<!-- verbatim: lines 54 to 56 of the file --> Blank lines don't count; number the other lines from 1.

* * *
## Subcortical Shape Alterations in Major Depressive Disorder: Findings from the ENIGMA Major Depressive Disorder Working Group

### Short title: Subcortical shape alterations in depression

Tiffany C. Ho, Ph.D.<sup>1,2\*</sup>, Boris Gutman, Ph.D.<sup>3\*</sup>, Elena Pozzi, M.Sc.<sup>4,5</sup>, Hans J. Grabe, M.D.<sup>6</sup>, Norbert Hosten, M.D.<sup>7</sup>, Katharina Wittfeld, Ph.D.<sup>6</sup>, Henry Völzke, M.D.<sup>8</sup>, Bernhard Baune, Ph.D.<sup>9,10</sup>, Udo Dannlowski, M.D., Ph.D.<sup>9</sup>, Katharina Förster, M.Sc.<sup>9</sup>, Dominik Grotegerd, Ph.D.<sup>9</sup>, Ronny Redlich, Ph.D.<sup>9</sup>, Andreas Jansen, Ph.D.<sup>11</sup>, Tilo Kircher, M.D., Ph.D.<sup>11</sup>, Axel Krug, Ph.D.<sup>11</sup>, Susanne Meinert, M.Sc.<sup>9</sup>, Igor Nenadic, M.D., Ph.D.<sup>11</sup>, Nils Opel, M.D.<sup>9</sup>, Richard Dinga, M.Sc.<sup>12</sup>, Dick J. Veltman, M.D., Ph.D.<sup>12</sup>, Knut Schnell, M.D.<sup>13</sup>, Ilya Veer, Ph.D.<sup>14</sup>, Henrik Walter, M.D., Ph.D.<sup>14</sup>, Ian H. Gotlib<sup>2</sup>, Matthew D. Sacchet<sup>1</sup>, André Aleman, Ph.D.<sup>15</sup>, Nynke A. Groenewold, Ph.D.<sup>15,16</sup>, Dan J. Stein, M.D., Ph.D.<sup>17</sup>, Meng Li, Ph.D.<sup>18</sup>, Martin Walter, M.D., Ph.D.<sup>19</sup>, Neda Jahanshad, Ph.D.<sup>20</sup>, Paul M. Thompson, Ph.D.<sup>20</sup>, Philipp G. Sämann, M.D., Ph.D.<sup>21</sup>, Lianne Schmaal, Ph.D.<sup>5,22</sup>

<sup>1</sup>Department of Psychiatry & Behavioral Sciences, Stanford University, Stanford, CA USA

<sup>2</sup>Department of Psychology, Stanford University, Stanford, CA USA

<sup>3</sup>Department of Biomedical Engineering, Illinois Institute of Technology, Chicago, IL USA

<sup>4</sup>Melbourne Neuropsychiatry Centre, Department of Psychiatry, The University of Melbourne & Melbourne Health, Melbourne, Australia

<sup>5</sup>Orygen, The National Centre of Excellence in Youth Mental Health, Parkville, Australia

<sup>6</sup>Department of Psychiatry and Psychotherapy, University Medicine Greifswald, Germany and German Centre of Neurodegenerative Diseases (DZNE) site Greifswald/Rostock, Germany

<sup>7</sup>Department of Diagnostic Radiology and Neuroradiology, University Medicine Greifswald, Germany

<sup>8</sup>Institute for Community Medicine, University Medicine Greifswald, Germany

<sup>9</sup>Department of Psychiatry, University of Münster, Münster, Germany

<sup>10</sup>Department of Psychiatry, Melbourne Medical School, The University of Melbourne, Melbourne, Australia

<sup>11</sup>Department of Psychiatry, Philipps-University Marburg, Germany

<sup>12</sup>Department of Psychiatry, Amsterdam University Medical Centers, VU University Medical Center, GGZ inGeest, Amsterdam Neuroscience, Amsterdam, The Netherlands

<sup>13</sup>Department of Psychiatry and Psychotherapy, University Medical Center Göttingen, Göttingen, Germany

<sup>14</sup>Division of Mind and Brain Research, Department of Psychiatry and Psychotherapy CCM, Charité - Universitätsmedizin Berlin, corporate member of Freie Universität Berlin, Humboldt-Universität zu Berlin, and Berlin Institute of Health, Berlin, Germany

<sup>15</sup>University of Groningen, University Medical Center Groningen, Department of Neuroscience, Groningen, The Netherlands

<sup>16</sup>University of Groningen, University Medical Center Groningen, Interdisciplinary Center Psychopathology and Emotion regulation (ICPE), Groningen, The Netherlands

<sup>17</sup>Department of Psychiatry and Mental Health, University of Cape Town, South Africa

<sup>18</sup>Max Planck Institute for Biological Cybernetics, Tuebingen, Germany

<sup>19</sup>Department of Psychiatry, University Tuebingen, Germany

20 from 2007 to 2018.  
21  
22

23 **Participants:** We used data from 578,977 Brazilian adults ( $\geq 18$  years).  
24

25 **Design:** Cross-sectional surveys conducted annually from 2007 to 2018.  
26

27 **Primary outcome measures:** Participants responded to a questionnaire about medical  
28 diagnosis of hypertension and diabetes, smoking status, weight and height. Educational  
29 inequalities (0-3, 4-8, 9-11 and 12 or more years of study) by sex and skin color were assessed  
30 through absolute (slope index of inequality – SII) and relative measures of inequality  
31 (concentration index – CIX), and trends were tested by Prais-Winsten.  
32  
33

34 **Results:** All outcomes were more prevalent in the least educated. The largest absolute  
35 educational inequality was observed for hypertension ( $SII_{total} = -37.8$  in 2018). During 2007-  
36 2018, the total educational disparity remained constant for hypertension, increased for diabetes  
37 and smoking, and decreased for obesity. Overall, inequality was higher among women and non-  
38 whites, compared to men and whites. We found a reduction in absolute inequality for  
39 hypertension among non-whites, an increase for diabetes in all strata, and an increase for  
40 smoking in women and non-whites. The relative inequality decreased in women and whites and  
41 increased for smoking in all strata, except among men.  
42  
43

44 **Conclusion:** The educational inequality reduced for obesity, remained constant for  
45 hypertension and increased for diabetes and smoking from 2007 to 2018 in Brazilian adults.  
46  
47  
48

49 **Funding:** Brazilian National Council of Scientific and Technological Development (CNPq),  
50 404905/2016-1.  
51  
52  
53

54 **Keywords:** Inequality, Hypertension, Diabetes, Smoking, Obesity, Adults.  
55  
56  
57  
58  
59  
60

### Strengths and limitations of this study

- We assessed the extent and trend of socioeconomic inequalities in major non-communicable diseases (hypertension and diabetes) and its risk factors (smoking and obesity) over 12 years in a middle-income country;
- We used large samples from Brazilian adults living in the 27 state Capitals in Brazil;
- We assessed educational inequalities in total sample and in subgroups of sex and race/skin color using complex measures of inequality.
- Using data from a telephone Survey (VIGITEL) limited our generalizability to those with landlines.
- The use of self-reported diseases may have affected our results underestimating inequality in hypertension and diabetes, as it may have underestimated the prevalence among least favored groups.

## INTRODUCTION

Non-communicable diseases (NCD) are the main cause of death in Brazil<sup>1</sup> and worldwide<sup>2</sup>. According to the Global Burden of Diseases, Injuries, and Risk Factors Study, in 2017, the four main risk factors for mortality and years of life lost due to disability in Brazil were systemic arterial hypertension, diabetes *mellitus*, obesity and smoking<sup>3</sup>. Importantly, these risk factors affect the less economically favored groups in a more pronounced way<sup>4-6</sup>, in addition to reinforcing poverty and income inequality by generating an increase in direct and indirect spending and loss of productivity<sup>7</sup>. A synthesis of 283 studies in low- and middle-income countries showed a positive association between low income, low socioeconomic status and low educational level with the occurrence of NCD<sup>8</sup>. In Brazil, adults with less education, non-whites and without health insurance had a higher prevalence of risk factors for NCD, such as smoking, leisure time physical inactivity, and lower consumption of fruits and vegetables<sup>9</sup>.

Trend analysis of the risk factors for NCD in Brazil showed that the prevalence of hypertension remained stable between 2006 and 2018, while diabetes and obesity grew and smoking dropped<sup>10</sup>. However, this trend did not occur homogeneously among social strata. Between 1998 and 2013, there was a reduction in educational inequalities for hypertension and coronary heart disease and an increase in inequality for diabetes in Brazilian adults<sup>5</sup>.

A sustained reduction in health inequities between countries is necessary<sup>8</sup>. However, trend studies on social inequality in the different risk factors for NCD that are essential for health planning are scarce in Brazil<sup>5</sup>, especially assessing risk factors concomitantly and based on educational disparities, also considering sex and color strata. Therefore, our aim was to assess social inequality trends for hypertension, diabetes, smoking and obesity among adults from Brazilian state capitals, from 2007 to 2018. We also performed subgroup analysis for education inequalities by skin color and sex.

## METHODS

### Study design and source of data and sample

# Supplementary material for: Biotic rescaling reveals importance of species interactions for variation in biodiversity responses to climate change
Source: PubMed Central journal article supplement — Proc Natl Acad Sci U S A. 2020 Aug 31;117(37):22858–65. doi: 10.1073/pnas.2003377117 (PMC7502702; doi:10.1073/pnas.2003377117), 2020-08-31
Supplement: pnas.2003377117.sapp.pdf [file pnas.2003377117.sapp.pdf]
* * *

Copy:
51  
52  
53